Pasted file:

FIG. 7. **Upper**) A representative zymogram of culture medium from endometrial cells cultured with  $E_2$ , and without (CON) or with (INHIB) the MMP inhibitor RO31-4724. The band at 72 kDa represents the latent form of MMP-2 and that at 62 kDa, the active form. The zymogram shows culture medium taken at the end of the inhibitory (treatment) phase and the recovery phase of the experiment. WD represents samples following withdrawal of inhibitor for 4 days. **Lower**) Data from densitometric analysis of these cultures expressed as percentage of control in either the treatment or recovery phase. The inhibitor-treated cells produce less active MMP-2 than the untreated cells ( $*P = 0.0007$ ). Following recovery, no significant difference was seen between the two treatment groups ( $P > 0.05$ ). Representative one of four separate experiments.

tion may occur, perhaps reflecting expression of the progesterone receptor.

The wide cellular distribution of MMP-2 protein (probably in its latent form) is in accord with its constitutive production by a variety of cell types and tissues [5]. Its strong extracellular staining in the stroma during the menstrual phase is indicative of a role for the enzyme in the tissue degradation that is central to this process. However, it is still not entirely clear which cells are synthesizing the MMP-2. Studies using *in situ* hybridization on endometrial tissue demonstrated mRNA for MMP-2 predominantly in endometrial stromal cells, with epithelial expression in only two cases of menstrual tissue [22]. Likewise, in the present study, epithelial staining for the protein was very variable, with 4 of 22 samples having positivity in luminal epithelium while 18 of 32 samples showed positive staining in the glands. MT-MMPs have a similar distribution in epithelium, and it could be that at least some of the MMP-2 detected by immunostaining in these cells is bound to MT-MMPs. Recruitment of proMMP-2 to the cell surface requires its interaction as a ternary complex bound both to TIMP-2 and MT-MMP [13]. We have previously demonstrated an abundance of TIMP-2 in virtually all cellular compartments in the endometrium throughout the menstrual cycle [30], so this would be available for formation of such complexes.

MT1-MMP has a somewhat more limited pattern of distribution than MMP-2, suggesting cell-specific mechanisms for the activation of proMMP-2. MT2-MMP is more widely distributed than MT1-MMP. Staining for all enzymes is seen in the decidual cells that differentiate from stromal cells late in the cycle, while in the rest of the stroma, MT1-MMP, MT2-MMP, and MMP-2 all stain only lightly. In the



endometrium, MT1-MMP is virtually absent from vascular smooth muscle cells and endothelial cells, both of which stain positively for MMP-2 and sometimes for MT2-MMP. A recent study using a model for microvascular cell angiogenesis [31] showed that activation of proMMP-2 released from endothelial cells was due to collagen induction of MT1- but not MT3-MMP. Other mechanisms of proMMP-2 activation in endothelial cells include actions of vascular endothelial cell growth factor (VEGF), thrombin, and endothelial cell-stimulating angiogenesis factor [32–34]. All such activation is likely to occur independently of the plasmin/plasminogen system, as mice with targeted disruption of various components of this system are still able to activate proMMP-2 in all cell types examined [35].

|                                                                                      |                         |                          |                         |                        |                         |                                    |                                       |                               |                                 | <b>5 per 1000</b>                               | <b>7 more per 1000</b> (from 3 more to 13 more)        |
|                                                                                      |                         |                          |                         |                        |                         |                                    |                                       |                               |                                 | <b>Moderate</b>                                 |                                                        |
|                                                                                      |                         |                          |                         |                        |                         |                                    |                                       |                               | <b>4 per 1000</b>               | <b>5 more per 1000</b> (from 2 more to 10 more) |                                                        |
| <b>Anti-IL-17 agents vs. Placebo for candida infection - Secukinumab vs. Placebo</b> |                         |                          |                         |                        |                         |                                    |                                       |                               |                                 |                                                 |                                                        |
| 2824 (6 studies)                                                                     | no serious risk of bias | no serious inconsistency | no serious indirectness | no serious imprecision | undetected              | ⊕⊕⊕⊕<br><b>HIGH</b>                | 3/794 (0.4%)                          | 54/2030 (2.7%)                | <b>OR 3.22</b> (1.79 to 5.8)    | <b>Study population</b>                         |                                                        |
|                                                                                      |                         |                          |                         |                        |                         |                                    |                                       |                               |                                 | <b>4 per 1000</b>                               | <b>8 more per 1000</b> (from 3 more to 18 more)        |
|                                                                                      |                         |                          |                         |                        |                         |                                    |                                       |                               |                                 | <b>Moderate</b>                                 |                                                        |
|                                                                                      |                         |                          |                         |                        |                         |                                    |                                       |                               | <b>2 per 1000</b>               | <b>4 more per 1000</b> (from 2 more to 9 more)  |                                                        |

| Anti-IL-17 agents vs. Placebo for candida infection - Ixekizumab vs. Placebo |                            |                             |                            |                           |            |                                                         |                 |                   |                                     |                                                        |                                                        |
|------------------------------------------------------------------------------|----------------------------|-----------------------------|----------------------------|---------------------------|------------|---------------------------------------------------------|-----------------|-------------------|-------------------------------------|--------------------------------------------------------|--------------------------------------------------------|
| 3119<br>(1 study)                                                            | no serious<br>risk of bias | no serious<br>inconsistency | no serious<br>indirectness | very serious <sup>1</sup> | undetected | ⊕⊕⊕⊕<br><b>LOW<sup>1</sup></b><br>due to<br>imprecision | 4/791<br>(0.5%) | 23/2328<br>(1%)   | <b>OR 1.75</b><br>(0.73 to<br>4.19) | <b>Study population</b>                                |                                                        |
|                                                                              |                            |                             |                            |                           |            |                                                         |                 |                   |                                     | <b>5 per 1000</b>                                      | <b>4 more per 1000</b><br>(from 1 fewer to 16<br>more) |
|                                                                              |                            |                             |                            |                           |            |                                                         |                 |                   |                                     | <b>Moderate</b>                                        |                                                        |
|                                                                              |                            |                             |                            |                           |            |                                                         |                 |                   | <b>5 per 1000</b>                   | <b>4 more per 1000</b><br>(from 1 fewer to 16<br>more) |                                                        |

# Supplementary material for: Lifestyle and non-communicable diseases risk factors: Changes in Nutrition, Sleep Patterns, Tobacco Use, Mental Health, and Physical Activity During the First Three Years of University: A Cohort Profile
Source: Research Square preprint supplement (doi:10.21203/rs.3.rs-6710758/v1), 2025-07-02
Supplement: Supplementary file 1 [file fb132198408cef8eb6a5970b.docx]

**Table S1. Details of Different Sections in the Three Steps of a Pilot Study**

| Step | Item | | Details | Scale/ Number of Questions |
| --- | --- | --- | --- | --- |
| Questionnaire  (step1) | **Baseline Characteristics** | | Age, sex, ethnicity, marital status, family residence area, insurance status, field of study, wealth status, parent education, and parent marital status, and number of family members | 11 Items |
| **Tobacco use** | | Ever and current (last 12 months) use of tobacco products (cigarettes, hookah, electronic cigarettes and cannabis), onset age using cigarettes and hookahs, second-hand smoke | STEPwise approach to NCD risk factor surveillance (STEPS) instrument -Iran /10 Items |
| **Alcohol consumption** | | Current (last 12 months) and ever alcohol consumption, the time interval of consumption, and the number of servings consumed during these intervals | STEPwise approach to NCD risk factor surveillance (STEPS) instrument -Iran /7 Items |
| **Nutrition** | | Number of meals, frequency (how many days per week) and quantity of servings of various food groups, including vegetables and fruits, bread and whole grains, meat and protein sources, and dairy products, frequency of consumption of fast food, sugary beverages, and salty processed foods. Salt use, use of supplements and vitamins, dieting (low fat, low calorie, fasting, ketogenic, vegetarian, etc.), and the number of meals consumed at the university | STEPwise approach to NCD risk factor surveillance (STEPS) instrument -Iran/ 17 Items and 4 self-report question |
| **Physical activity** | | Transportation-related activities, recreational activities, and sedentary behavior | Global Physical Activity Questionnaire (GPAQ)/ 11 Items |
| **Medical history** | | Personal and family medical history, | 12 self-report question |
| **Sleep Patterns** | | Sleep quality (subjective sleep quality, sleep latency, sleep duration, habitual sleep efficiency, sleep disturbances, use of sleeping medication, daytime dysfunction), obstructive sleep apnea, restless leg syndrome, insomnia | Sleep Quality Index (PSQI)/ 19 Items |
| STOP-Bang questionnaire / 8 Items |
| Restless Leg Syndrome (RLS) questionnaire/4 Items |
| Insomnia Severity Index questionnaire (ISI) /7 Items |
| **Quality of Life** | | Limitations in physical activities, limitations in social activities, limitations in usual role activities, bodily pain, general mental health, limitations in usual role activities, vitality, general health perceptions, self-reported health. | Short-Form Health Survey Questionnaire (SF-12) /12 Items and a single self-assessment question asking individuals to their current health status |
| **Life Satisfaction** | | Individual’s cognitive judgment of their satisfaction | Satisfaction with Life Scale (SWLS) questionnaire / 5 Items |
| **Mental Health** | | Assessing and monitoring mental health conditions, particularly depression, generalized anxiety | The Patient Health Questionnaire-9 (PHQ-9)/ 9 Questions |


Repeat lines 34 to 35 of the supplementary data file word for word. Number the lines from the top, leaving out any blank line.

| Restless Leg Syndrome (RLS) questionnaire/4 Items |
| Insomnia Severity Index questionnaire (ISI) /7 Items |